The good news: The U.S. added 192K jobs in March and the unemployment rate is 6.7%!
The bad news: The U.S. added only 192K jobs in March and the unemployment rate is still 6.7%.
More jobs, but fewer than expected
“We were looking for a higher number, maybe 230k,” says ITG chief economist Steve Blitz. “It’s a spin your wheels economy; it is expanding and that’s better than contracting, but we’re not seeing anything to suggest the economy is going to accelerate to a faster pace of growth beyond 2, 2.5%.”
The new jobs don’t pay a lot
The new jobs include a lot of temp positions (29,000), in sectors that don’t necessarily pay super well: Restaurants (30,000), ambulatory health care (20,000) including home nursing, Construction (19,000).
“It’s a great thing that people are finding employment,” says Blitz, “but they’re not the kind of high wage jobs that are going to generate the kind of spending that many are anticipating.” Including, he says, people at the Federal Reserve.
Some nice things
The number of long term unemployed (people out of work for 27 weeks and over) is down over the month, and the year. In March of 2013 there were 4.576 million long term unemployed people, in March of 2014 there were 3.739 million. In February of 2014 we were at 3.849 million.
The long term unemployed are also making up a smaller percentage of all unemployed people. (35.8% this March compared with 39.1% last March, and 37% in February)
Some major revisions
The Bureau of Labor Statistics adjusted some of its previous estimates. In January the economy added 144,000 jobs (not 113,000 as originally estimated), and in February the economy added 197,000 jobs (not the 129,000 the BLS originally reported).
A milestone and a mile off
By one measure, we have now surpassed the number of private sector jobs we had at the pre-recession peak in January 2008. Back then, the private sector was employing 115.977 million people. In March the private sector employed 116.087 million people.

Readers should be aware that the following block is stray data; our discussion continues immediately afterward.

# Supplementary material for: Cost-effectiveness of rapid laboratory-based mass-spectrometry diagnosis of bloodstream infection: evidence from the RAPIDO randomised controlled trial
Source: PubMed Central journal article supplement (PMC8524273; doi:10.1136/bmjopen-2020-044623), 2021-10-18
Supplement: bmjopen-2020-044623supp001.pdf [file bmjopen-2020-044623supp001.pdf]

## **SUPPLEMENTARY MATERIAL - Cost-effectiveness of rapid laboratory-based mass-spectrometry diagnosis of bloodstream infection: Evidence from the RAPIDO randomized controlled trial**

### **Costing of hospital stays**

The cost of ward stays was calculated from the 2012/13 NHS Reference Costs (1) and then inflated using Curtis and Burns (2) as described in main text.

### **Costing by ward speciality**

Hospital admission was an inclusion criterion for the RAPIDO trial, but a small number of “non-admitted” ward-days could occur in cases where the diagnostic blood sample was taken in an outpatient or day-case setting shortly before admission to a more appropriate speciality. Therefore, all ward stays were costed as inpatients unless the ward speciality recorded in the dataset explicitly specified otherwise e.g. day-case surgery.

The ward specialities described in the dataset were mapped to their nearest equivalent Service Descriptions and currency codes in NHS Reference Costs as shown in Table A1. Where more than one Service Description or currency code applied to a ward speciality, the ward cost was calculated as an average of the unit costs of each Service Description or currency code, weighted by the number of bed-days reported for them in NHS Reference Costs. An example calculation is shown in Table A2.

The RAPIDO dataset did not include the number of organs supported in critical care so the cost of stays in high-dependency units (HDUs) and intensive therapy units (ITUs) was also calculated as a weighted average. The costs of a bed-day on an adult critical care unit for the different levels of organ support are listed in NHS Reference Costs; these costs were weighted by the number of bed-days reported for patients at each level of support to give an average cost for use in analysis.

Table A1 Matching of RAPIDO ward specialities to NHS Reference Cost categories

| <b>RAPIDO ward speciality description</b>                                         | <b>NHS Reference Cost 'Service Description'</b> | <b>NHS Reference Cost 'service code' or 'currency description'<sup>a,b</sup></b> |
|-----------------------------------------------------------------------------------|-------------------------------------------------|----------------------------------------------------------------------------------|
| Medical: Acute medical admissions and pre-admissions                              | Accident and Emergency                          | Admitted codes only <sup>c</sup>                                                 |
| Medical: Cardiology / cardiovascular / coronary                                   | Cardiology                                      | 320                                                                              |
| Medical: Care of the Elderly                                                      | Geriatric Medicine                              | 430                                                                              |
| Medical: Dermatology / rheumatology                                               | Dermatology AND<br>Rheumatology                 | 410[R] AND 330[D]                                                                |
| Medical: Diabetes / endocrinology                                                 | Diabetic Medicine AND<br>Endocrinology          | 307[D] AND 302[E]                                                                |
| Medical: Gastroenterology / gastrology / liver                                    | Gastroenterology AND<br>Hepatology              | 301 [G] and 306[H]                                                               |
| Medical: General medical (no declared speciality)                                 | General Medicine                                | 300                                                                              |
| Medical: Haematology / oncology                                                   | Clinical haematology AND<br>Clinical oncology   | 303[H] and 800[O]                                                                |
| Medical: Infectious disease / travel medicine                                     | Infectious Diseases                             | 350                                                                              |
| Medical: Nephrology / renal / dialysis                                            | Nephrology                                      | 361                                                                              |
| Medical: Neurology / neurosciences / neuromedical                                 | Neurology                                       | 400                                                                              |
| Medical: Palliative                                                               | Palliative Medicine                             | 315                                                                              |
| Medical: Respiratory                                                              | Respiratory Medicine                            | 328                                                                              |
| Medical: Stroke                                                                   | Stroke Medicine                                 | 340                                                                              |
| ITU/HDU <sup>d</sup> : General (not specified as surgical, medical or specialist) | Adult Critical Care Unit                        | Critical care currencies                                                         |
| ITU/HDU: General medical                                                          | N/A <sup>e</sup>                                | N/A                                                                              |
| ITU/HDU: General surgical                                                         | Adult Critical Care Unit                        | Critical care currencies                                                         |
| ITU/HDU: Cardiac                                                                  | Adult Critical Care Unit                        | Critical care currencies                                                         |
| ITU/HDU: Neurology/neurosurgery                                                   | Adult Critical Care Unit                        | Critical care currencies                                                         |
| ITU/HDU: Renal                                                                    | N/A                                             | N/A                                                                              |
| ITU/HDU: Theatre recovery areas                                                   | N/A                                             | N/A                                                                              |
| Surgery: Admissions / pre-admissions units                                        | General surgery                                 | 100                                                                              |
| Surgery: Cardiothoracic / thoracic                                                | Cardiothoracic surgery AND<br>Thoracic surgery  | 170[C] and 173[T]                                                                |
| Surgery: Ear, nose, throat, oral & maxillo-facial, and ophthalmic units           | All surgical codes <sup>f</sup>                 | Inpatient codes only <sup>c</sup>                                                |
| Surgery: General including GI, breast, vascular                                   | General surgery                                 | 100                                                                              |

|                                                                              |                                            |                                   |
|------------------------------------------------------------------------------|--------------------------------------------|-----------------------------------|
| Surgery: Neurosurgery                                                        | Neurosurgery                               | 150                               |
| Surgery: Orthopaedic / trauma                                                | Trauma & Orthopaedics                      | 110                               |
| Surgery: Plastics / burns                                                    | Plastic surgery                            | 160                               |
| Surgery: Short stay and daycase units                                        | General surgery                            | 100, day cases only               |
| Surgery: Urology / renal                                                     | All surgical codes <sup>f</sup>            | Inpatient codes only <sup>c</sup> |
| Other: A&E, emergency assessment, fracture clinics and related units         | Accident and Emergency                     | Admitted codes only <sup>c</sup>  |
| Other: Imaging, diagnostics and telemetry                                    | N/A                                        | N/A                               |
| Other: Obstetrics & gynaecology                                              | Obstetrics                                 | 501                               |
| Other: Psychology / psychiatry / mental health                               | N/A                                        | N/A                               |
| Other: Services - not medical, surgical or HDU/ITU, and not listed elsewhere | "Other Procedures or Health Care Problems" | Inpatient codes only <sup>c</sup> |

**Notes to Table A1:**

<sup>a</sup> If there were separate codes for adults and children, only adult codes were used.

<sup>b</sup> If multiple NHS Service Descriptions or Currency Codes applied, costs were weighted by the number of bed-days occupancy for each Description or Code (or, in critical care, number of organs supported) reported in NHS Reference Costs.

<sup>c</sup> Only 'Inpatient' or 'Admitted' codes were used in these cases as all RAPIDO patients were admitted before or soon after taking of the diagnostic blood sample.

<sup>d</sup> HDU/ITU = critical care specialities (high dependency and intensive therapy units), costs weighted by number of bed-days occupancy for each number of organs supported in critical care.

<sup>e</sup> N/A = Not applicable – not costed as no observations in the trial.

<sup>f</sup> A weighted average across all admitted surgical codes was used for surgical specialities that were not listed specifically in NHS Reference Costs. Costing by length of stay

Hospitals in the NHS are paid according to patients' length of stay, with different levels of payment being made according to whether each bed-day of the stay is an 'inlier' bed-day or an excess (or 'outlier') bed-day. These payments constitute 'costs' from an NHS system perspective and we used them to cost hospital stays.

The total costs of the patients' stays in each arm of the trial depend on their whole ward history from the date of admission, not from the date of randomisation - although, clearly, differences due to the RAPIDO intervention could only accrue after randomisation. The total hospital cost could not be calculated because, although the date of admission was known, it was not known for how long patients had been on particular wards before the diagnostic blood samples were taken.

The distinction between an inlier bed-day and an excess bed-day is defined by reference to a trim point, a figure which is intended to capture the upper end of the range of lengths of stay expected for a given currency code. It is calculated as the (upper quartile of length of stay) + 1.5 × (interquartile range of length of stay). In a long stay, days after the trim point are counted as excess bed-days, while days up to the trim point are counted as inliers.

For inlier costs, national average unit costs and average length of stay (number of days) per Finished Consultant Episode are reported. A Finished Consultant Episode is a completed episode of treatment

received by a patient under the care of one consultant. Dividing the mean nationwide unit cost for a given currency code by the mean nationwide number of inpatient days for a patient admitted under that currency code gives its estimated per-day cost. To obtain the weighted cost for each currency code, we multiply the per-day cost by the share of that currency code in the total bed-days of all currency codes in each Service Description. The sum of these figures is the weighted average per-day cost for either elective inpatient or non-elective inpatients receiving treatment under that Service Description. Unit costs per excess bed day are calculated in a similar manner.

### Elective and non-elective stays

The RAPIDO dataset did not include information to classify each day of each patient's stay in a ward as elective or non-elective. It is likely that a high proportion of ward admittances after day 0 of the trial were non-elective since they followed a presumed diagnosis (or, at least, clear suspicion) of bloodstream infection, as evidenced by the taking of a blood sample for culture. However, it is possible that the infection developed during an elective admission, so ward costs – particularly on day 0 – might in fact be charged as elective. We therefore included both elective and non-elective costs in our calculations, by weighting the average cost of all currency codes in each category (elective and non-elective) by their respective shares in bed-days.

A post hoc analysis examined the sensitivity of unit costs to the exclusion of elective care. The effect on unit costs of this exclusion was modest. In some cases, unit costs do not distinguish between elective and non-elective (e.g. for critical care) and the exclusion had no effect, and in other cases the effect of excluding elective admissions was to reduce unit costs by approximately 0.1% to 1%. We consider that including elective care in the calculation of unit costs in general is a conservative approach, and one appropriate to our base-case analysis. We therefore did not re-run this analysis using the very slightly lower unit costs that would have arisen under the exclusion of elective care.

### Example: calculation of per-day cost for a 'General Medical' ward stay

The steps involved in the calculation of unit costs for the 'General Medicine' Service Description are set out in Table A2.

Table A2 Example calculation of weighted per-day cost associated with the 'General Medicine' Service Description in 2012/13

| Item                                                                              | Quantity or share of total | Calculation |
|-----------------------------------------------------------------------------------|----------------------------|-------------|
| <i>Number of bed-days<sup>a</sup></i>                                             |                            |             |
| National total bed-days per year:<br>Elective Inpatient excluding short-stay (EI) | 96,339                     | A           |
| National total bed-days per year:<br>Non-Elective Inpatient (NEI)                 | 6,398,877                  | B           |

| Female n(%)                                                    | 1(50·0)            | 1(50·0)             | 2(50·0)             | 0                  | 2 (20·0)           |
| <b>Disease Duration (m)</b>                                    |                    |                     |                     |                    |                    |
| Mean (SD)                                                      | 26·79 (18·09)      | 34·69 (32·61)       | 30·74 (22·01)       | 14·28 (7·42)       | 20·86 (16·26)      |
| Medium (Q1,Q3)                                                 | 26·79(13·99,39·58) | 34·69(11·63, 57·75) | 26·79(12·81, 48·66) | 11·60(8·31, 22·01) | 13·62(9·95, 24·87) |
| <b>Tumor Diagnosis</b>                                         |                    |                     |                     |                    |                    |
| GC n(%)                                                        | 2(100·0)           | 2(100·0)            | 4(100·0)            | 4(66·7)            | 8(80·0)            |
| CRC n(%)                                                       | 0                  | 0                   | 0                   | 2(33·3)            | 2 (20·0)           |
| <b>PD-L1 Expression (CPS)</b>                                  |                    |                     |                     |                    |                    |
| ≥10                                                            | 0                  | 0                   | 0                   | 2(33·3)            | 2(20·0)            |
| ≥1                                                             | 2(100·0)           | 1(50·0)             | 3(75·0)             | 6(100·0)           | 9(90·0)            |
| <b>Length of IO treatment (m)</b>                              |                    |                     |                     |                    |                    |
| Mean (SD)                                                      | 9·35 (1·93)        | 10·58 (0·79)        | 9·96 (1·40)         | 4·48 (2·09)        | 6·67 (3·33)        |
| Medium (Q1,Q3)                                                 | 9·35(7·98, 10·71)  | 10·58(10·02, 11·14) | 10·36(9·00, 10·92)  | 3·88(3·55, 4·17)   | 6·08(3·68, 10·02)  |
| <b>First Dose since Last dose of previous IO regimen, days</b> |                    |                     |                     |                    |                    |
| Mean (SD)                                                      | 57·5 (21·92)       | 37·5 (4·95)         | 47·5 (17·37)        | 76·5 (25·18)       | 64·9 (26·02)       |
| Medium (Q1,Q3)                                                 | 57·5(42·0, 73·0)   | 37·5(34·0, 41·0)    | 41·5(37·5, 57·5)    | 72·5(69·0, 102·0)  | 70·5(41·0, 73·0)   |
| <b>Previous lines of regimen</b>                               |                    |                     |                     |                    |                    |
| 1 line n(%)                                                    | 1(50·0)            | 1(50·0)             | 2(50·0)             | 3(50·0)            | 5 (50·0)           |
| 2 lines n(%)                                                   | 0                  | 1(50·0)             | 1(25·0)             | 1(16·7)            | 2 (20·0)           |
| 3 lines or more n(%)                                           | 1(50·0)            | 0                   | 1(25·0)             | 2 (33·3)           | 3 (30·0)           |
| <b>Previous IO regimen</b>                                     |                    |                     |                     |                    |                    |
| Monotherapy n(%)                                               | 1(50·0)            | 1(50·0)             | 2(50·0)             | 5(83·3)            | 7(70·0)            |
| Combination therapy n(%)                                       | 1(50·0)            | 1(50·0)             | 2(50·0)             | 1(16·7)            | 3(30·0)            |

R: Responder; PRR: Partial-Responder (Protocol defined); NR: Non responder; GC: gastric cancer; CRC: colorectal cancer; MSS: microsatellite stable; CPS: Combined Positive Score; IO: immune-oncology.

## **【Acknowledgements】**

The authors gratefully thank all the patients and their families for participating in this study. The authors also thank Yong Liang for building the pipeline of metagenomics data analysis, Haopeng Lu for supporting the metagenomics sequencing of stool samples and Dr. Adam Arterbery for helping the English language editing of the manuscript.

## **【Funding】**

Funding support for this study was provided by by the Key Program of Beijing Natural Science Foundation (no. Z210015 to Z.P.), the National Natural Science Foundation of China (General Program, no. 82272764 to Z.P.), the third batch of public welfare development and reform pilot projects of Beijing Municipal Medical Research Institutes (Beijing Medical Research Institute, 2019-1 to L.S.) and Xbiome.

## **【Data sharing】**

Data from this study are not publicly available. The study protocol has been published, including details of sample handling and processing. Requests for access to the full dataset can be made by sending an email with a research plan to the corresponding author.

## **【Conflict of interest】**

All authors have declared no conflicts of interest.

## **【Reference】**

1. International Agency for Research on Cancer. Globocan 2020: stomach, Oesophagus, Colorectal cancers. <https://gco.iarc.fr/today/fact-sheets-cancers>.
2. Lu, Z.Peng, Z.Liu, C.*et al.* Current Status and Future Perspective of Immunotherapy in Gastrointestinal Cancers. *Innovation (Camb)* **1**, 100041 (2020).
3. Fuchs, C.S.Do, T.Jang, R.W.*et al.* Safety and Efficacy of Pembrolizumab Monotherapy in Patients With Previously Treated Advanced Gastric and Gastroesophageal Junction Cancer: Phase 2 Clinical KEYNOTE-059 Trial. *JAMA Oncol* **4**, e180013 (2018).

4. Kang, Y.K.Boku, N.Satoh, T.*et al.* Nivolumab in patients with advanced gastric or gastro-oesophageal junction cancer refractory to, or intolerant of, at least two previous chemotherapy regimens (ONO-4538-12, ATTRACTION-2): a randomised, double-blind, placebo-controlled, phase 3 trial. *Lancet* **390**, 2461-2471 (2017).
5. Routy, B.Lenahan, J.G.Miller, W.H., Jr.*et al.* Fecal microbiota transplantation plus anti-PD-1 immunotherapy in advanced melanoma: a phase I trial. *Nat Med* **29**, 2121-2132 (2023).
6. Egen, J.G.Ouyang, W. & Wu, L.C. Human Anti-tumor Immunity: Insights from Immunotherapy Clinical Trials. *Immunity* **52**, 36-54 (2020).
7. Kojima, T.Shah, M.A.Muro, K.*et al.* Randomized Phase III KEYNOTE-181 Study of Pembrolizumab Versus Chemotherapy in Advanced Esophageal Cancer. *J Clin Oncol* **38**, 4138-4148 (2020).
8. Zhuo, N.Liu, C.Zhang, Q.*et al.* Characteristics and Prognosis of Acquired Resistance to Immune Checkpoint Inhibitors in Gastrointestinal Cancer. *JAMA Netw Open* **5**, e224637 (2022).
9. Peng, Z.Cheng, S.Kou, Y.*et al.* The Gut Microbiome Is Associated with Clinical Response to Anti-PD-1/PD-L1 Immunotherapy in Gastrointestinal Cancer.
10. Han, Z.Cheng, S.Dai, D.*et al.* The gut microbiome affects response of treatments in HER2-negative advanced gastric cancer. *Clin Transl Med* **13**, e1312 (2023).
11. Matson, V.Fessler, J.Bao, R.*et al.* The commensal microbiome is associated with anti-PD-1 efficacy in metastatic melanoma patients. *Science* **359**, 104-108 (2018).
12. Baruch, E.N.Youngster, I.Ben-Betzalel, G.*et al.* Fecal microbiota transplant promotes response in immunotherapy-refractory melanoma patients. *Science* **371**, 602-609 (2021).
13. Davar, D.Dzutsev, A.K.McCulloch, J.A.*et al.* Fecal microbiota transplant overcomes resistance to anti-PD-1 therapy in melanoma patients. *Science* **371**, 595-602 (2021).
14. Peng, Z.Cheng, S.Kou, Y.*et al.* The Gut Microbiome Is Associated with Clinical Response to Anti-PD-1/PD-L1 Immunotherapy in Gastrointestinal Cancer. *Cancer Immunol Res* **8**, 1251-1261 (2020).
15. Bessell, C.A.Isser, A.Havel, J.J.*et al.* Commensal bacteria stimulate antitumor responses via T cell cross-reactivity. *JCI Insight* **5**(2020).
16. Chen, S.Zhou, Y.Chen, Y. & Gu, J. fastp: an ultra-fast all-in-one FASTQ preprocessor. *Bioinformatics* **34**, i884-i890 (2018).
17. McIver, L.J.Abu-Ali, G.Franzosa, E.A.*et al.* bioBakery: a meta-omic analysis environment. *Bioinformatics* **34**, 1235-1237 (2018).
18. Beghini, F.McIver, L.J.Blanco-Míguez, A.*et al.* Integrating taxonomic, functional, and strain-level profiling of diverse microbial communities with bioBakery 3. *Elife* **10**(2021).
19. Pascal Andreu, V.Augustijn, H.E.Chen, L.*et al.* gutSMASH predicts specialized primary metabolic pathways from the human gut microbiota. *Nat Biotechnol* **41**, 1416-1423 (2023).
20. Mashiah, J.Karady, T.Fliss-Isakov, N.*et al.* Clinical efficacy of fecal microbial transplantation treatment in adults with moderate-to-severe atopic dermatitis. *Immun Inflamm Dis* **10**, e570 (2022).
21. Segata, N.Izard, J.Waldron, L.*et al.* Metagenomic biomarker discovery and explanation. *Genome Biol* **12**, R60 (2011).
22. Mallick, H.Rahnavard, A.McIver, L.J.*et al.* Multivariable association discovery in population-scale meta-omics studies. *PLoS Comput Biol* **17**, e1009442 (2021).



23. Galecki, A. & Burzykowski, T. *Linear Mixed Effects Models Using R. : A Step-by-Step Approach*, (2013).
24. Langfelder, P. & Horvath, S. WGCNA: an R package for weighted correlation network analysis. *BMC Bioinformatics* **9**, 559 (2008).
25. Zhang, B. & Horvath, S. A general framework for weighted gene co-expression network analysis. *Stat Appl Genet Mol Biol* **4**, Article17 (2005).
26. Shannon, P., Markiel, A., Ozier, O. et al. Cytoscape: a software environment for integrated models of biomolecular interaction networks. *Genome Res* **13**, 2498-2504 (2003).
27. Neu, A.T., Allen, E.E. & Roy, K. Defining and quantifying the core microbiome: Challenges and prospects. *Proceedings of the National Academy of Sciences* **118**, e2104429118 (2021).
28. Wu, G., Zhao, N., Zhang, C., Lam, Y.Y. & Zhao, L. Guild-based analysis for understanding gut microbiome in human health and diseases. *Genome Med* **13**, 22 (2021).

But that misses some major points.
If you look at ALL employment throughout the entire economy - including the public sector - there’s not nearly as much to celebrate. The pre-recession peak for TOTAL non-farm payroll employment was 138.365 million people back in January of 2008. In March of 2014, we were tentatively at 137.928 million people with fulltime jobs. So we have 437,000 more to go.
Slow to catch up.
Nor should we be happy with reaching the number of jobs we had in 2008. We’ve had lots of new people join the workforce since then. The Hamilton Project (affiliated with the Brookings Institution) keeps track of the “jobs gap,” which is the number of jobs that the U.S. economy needs to create in order to return to pre-recession employment levels while also absorbing the people who enter the labor force each month. Their estimate for when we'll truly catch up to where we would've been? 2020.
Was it the weather after all?
Remember December and January weren’t so hot... neither in temperature nor in jobs. Whereas in November we added 274,000 jobs, in December we added 84,000 and in January we added 113,000 144,000. February wasn’t great either at 129,000 197,000 jobs created. (Strikethroughs represent the original BLS estimates, they revised their numbers in the March jobs report). When those initial numbers came out, a lot of people suspected/hoped the weather was behind the drop in new hires.
Well, after the revisions, it looks like Old Man Winter didn’t slam job growth as much as it looked like at the time. Weather was certainly a part of the dip, but looking at the overall trend it would appear that the economy was growing at a very lukewarm pace to begin with. For the foreseeable future, that's what we're going to be stuck with: 2-2.5% growth, estimates Blitz.